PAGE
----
Picture: African News Agency (ANA) – An early morning picture taken at Matla Power Station in Mpumalanga Province.
By Reuben Maleka
In 2007, failure to plan properly for increased electricity demand resulted in severe problems and near collapse of the national grid, triggering intermittent power outages that introduced the detested term “load shedding” into the lexicon of South Africa’s public discourse.
Eskom’s technical managers informed the government as far back as 1998 of the diminishing reserve capacity, and the need to plan for increased demand as a result of economic growth.
They requested the government to commit to a new build programme – a request that the government turned down.
Later in 2007, then president Thabo Mbeki apologised publicly for his government’s grave dereliction of responsibility, stating what had become obvious: “Eskom was right, government was wrong.”
Subsequently, two new, large coal-fired power plants were planned – Kusile and Medupi. In April 2010, Eskom received a loan of $3.75 billion (R62.9bn) from the World Bank. This was the first of such significant loans from the World Bank to South Africa since the end of apartheid in 1994.
When President Cyril Ramaphosa on July 25 acknowledged that South Africa was confronted by an energy crisis owing to Eskom’s dismal failure he, however, overlooked the wider challenge facing the country: an impending collapse of all critical services owing to a severe and rapid loss of skills.
Eskom’s capacity to provide adequate energy has been under discussion for some time, with no meaningful solutions being provided. South Africa continues to experience disabling load shedding that can be attributed to many well-known factors. These include failure to maintain infrastructure; system inefficiency; theft; corruption; sabotage; poor skills-development programmes; and the lack of succession planning. Ramaphosa acknowledged that one of the challenges facing Eskom was the shortage of skilled personnel and engineers.
The current state of disaster could have been prevented if this reality was not previously ignored. The Public Servants Association (PSA) acknowledges that the expansion and diversification of sources of electricity will assist Eskom. Cutting red tape will assist with procurement of maintenance spares and equipment. So should increasing the budget for critical maintenance. All these measures will, however, only bear fruit if supported by proper, skilled management of all operations. The recruitment of skilled personnel is thus a critical requirement.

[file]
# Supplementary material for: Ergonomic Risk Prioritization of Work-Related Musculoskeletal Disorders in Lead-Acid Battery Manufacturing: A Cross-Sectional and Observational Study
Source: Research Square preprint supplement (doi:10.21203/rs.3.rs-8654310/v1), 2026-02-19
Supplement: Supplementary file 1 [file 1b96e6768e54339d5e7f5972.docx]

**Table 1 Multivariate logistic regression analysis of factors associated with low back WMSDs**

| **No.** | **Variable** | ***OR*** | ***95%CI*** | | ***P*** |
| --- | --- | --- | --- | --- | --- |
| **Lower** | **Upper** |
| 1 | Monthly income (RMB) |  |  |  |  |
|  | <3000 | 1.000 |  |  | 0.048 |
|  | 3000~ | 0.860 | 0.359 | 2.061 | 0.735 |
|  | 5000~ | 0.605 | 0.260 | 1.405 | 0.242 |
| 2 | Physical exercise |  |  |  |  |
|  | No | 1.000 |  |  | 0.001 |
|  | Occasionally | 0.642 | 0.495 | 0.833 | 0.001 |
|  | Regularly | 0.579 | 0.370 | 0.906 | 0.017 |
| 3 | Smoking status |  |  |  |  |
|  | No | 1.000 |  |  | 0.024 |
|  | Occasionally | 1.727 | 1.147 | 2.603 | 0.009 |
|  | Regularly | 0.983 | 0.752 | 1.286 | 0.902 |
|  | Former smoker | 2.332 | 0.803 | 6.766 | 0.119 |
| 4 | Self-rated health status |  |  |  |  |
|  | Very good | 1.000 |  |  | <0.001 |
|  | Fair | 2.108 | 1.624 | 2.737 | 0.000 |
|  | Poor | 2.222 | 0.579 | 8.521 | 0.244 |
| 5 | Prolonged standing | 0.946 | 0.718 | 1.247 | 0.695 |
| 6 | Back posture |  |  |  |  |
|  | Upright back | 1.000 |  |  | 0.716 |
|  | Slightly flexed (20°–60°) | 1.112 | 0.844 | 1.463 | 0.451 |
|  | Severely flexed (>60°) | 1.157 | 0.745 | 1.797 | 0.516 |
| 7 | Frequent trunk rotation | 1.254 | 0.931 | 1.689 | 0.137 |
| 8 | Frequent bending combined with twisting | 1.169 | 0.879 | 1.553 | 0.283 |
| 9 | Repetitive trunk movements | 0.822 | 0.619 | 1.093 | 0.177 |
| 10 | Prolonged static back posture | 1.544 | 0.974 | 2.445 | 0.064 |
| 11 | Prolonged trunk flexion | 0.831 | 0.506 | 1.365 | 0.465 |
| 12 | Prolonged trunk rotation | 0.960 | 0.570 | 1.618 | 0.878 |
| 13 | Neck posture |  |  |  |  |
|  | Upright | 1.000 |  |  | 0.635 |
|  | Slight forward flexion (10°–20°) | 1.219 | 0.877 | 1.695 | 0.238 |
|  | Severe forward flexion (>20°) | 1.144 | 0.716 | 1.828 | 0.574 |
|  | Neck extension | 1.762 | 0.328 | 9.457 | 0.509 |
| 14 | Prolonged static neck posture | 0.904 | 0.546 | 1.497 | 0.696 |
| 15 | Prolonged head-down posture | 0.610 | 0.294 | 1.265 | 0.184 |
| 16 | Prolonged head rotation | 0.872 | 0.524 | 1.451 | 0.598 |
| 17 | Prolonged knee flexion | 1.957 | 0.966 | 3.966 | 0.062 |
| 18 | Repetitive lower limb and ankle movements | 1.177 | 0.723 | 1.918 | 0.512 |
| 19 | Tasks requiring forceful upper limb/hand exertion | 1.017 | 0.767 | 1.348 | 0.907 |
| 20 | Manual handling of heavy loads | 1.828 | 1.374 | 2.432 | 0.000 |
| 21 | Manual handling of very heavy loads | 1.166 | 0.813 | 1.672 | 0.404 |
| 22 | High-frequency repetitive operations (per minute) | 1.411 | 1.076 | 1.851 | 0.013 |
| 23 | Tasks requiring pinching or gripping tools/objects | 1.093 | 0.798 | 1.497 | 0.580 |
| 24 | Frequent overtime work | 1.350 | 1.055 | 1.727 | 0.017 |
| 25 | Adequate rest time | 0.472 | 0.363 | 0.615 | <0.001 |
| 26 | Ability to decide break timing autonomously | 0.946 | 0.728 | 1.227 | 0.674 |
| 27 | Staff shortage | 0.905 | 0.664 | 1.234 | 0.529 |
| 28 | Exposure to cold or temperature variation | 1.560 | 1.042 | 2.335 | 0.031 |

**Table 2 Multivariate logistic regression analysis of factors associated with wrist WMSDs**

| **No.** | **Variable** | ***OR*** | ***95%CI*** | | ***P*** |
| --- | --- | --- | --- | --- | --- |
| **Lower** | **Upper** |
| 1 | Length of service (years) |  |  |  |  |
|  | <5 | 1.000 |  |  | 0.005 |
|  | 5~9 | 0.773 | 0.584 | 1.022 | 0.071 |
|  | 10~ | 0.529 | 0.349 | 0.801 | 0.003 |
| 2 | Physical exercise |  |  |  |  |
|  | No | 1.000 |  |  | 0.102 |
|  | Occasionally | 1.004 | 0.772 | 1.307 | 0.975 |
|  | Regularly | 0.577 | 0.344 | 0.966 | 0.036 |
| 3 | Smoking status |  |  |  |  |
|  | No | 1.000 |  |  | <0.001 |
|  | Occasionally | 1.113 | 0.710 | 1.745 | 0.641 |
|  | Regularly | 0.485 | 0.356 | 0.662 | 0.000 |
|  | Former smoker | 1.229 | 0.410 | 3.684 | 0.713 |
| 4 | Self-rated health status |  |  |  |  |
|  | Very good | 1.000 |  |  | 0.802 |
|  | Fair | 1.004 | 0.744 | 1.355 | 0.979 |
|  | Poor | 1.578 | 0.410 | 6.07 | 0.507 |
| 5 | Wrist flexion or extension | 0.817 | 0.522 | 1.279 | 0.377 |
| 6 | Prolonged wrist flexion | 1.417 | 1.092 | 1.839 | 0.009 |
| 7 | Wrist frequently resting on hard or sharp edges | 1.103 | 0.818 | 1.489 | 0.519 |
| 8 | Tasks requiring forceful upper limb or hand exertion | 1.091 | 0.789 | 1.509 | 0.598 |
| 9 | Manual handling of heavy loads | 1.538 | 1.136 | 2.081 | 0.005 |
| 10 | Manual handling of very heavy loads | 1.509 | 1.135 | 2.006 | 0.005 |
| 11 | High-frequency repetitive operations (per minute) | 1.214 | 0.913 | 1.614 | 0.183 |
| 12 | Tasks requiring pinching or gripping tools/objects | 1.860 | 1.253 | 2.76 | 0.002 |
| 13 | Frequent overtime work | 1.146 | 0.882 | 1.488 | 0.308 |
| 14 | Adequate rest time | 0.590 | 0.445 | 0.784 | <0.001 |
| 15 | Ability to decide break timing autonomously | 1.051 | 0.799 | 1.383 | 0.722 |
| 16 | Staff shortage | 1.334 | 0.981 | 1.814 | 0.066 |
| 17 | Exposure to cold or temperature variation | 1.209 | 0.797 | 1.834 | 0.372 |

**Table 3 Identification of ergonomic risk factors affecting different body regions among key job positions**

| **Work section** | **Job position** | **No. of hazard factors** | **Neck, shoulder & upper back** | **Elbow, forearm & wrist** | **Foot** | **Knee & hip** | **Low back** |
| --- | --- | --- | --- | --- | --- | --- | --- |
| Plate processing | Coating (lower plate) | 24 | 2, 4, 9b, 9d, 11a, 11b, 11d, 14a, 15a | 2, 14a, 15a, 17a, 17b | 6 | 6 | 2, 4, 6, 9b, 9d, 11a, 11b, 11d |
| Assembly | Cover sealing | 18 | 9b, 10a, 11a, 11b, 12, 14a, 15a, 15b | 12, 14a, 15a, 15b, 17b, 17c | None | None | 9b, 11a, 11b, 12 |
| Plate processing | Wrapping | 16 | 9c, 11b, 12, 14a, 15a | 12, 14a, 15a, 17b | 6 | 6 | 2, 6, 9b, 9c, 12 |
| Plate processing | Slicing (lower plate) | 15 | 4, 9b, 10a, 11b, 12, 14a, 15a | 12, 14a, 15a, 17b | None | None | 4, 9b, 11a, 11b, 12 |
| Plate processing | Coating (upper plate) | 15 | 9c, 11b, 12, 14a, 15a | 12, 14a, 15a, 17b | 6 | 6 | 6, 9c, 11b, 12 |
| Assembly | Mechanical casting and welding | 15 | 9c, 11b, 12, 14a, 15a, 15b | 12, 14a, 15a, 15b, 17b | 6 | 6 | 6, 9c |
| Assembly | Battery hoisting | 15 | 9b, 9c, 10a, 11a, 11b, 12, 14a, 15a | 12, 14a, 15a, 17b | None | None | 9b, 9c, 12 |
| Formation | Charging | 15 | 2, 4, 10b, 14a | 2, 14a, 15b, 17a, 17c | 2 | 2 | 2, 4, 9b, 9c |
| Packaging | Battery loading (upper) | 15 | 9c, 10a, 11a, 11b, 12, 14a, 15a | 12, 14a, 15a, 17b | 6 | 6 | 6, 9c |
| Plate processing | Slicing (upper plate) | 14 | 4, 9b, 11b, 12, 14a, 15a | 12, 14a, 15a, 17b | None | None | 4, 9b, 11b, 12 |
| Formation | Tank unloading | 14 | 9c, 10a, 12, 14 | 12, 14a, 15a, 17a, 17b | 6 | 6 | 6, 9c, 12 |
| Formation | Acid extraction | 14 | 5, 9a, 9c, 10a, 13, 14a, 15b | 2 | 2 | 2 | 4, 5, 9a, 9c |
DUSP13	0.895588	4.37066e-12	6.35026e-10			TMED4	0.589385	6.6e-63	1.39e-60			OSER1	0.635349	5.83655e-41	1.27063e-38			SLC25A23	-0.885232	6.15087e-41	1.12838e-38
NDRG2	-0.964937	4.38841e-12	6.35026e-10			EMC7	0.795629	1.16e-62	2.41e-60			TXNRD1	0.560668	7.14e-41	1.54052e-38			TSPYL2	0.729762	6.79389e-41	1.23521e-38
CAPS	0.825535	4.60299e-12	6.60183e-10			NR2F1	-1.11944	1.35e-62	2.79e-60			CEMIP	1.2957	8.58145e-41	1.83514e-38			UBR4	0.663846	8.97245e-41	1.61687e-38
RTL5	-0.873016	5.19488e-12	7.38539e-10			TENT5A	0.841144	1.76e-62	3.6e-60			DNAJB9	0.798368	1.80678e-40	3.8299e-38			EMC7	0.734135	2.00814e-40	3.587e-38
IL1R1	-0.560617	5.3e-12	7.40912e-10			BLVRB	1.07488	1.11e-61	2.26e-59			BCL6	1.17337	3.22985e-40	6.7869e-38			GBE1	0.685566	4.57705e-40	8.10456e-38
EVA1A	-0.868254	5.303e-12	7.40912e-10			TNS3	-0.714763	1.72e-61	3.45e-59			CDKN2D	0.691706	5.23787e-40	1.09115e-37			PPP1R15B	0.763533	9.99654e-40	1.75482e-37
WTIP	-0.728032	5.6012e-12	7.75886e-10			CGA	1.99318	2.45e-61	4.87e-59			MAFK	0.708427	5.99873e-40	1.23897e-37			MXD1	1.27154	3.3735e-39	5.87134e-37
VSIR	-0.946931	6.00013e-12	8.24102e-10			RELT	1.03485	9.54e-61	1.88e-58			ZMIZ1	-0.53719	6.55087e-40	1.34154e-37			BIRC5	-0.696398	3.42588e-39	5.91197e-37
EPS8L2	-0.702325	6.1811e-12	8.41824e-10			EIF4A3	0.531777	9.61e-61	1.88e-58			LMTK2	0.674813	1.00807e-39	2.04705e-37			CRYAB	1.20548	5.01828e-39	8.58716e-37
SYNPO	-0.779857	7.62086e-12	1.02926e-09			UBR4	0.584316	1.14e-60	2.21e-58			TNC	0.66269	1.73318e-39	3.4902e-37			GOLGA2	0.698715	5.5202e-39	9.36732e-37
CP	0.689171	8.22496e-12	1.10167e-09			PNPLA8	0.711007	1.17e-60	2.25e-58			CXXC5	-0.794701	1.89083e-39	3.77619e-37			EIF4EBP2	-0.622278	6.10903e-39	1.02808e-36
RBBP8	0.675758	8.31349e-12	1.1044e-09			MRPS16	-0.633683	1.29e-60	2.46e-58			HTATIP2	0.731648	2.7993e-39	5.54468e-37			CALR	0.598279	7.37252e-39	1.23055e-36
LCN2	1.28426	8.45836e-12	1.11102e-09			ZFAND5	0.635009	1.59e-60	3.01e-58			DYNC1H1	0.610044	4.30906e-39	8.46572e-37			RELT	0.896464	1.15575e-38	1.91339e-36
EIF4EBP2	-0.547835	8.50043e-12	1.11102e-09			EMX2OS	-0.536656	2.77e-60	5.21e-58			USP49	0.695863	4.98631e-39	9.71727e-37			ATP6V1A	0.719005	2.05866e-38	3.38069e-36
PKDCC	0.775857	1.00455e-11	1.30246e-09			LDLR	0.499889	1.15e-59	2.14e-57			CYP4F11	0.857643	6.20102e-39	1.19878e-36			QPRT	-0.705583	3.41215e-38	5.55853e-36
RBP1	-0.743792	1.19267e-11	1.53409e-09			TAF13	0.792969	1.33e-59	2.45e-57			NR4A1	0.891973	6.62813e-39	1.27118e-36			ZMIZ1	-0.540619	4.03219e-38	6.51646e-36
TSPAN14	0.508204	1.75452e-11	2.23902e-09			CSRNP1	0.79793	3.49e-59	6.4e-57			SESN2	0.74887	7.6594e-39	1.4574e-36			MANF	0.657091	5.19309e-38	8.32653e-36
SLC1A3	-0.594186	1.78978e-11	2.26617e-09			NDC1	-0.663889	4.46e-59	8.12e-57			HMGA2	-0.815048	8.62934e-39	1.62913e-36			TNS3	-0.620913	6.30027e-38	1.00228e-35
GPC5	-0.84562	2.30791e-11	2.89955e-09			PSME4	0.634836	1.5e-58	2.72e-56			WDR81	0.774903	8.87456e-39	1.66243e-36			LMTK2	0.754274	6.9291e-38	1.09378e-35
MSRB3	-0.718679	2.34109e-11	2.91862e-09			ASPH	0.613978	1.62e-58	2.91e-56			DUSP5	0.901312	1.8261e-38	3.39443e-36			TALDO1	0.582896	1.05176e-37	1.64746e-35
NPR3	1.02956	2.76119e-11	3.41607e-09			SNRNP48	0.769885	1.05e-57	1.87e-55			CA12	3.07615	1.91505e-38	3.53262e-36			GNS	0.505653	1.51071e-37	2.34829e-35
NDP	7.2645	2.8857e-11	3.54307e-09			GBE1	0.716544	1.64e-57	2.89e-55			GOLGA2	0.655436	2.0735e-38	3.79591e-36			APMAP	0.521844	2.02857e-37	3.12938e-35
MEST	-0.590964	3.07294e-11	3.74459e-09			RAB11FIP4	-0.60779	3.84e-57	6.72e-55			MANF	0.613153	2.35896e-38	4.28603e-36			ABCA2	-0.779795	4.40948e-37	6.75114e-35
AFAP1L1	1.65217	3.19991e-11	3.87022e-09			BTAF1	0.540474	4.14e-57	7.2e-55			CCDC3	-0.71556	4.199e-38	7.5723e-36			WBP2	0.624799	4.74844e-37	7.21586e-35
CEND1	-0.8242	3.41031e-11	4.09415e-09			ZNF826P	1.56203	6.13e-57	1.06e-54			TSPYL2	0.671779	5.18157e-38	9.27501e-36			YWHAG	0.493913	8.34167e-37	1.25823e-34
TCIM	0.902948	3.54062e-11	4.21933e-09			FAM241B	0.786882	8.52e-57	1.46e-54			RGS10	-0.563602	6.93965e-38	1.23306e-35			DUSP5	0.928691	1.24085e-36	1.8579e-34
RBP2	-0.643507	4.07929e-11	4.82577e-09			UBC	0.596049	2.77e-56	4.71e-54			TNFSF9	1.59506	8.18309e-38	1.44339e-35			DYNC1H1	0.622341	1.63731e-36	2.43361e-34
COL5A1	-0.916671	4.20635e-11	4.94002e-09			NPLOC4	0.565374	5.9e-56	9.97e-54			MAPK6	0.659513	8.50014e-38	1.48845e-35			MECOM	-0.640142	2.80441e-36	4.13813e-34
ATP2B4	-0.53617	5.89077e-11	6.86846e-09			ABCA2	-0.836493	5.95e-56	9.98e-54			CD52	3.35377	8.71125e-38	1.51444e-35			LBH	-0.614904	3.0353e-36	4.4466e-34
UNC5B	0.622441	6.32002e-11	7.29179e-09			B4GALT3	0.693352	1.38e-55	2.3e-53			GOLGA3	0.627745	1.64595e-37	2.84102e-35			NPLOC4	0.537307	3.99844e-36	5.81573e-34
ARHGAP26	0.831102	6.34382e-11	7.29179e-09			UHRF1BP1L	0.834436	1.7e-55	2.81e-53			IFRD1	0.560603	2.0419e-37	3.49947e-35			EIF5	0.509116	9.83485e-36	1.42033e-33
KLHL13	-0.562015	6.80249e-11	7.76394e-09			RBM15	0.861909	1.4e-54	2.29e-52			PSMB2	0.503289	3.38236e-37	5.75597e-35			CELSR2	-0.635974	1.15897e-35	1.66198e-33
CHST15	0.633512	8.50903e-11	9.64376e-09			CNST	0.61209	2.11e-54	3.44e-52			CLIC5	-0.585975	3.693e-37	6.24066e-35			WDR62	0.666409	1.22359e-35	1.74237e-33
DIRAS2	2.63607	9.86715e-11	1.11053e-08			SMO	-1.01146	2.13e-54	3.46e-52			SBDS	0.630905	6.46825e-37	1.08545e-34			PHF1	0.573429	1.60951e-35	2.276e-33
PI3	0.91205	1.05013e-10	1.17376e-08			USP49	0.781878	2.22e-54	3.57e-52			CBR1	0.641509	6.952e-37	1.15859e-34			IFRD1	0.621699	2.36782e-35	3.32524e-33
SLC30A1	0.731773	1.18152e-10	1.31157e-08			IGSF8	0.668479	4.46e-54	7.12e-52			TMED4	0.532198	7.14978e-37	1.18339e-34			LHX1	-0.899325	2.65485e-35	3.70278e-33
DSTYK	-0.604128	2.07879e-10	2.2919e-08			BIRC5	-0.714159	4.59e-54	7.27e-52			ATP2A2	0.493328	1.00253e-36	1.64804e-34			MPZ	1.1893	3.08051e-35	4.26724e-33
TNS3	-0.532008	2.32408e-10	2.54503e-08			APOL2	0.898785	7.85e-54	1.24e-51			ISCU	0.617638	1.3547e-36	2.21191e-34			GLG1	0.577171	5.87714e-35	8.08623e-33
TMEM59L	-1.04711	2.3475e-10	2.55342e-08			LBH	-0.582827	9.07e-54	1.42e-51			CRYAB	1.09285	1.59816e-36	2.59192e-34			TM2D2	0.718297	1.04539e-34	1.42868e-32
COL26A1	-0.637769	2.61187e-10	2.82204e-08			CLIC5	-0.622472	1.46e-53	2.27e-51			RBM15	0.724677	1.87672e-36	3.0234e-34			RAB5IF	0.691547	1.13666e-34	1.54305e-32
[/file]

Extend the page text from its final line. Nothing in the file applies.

The employment of former senior Eskom plant managers and engineers from the private sector, as mooted by Ramaphosa should, however, be tied with the programme to ensure skills transfer to ensure continuity in the entity.
Such services will come at a price, and it is crucial to broaden skills capacity in Eskom to ensure some return on this investment. This is especially critical, given the fact that Eskom has debt of some R400 billion. The PSA, however, cautions that any plans by National Treasury for a sustainable solution to Eskom’s debt should not be funded by the public servants’ pension savings.
Ramaphosa also referred to the role of large-scale sabotage, theft, and fraud in Eskom’s dire situation, which he rightfully described as a national crisis. Mention was further made of the SAPS setting up a special law enforcement team to help Eskom confront crime and corruption.
Recent reports that 1 300 detectives had left the SAPS over the past four years, give rise to serious concerns about skills levels and capacity and underline the PSA’s stance that the loss of skills in various sectors is gradually destroying the country.
So-called “sunset clauses” saw an exodus of officials in the previous regime from the public sector at huge cost to the fiscus for such packages. This left the public service depleted of skills, resulting in some of these officials returning as highly paid consultants. This scenario is but one of the factors that have contributed to the government’s “poverty” and inability to honour salary agreements with its employees, and leading to further instability owing to labour unrest.
The effect of the government’s blunder to shut down colleges that offered vital skills training and the lack of workplace skills training intervention through the Setas and colleges are slowly but surely – similar to the Eskom debacle – taking its toll. Prime examples are evident in the agriculture and education sectors.
The country is experiencing a huge skills shortage, leaving massive numbers of university graduates without practical skills and knowledge as unemployment continues to soar. South Africa is reeling under the compounded ripple effects of skills losses.
Urgent and immediate interventions are required to prevent a repeat of the Eskom nightmare. The PSA again called for active involvement by National Treasury to oversee Eskom’s revised procurement processes to prevent further corruption and subsequent costly investigations and belated corrective measures.
The PSA, while cautiously welcoming the long-overdue intervention and commitment by Ramaphosa to address the country’s energy supply crisis, warned the president to urgently address similar looming disasters and not again wait for more than a decade before “bold, courageous, and decisive action” is taken at great expense to rescue the country from collapse.
The president should further take another bold step and ban the sale of scrap metal in the country to eliminate the illegal market for power cables and copper, which destroys infrastructure at huge cost to the economy. These measures are crucial to spur economic growth and create jobs for desperate citizens.
Maleka is assistant general-manager for Collective Bargaining at the Public Servants’ Association